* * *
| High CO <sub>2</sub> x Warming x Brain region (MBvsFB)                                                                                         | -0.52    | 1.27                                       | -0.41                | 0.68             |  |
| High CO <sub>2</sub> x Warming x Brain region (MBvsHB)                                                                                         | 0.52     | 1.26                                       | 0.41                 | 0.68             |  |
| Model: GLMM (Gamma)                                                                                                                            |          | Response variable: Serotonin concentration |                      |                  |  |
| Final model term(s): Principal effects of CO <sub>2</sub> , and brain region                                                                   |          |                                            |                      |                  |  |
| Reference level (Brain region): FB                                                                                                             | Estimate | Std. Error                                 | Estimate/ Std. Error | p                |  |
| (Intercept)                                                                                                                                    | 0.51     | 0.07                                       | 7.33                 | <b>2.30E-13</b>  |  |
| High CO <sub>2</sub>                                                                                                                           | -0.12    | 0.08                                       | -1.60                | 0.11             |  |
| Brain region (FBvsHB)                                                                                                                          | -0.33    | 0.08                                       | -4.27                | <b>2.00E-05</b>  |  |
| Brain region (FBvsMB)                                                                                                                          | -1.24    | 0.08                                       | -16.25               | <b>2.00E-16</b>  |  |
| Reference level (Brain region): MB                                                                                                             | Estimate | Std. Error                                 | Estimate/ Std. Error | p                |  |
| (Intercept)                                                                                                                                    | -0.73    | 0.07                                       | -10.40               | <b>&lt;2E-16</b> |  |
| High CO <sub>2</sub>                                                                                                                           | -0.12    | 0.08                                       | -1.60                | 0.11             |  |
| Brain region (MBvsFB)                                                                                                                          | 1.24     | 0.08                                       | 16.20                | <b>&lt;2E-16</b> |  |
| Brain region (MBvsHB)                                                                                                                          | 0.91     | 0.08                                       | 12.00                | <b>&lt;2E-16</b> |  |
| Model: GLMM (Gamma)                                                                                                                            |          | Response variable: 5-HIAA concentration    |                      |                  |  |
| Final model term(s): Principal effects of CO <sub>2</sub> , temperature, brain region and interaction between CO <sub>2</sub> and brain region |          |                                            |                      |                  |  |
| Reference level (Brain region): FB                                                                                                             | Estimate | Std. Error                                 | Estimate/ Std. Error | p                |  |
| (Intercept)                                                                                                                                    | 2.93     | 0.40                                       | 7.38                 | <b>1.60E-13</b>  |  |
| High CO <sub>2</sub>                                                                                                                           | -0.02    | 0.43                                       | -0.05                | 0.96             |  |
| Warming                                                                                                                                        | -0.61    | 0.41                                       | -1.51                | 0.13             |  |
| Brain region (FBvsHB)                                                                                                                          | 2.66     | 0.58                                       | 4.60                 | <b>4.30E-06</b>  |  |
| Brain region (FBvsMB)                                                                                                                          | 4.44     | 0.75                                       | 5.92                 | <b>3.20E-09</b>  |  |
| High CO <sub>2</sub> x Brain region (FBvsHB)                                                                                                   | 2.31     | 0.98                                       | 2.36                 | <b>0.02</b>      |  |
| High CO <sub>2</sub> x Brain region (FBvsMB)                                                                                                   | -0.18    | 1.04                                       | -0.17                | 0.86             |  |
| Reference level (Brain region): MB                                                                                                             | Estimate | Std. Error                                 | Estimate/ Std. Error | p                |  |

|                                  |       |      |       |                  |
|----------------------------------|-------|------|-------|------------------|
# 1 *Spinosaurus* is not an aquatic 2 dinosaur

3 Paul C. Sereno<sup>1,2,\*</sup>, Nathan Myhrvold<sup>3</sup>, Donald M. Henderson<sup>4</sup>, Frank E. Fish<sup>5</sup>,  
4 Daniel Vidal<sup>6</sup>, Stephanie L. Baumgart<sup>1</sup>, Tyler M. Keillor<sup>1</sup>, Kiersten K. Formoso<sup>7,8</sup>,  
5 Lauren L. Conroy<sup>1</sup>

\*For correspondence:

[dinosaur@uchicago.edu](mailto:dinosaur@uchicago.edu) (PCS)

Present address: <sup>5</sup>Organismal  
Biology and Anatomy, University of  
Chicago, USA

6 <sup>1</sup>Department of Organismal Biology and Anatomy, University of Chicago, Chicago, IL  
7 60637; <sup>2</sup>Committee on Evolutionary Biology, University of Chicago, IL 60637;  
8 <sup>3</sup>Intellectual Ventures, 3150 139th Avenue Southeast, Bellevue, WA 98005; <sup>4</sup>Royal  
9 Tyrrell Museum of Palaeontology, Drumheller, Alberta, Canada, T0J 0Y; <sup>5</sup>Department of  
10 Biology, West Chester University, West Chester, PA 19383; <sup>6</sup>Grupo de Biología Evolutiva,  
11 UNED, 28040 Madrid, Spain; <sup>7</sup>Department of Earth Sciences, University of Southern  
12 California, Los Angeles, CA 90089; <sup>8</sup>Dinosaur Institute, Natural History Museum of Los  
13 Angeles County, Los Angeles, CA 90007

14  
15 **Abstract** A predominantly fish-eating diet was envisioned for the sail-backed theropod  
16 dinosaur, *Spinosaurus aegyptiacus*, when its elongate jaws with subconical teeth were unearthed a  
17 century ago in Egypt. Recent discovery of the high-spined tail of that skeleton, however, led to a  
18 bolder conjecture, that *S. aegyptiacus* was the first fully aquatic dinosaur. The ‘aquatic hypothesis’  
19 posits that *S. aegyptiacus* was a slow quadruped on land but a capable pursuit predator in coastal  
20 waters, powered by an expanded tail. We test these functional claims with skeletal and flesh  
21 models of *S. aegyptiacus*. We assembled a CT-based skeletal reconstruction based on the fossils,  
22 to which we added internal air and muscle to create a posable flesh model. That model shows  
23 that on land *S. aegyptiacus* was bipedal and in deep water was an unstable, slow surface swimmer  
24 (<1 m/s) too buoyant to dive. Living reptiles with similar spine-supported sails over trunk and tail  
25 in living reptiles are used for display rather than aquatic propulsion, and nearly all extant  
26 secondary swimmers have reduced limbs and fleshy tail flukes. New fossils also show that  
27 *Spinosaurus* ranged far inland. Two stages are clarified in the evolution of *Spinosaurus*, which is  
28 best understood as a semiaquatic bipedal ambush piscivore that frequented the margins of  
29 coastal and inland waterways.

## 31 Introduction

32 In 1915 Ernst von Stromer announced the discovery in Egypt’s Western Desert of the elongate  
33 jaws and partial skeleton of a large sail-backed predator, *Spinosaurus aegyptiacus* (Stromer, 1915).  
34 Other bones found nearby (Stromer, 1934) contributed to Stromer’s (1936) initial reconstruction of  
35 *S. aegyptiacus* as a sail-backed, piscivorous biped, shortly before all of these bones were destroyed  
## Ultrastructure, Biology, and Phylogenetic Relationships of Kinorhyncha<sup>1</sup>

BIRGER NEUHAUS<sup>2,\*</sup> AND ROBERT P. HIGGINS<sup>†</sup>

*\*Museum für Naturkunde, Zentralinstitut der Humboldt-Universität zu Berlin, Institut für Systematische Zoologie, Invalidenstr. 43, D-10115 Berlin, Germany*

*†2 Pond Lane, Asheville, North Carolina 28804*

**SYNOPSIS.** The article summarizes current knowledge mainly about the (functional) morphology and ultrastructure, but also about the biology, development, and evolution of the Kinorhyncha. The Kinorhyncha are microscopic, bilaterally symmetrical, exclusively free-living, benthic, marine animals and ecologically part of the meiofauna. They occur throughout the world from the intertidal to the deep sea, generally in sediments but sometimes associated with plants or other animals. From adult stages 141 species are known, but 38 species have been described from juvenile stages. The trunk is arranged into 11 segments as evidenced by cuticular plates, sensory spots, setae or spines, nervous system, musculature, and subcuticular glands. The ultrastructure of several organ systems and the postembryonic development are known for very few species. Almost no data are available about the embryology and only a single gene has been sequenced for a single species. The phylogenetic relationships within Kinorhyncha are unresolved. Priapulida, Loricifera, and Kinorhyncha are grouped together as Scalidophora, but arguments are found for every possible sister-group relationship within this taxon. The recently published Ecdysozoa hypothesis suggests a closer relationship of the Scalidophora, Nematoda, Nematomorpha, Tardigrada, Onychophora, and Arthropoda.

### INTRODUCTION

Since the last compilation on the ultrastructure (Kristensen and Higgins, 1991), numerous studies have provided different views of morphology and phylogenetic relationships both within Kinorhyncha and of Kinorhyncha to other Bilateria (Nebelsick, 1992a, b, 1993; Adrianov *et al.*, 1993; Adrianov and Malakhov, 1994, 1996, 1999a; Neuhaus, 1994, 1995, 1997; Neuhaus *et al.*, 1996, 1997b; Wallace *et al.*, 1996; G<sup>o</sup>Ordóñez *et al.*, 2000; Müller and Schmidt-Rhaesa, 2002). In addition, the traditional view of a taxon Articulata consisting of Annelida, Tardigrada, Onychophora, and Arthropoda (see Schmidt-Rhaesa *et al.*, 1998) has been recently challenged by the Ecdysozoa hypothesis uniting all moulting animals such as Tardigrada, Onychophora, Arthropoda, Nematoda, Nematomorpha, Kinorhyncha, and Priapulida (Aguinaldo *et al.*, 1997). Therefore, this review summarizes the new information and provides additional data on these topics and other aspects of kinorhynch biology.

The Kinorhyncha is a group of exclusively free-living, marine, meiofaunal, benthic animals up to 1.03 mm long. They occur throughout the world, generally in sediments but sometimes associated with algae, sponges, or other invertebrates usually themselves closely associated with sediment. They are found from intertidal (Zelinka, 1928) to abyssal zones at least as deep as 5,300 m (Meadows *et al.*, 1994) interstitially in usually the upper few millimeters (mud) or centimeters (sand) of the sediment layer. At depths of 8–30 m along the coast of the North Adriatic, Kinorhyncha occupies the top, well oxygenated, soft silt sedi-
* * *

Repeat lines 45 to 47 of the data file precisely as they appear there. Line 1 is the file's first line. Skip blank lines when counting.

14  
15 **Abstract** A predominantly fish-eating diet was envisioned for the sail-backed theropod  
16 dinosaur, *Spinosaurus aegyptiacus*, when its elongate jaws with subconical teeth were unearthed a  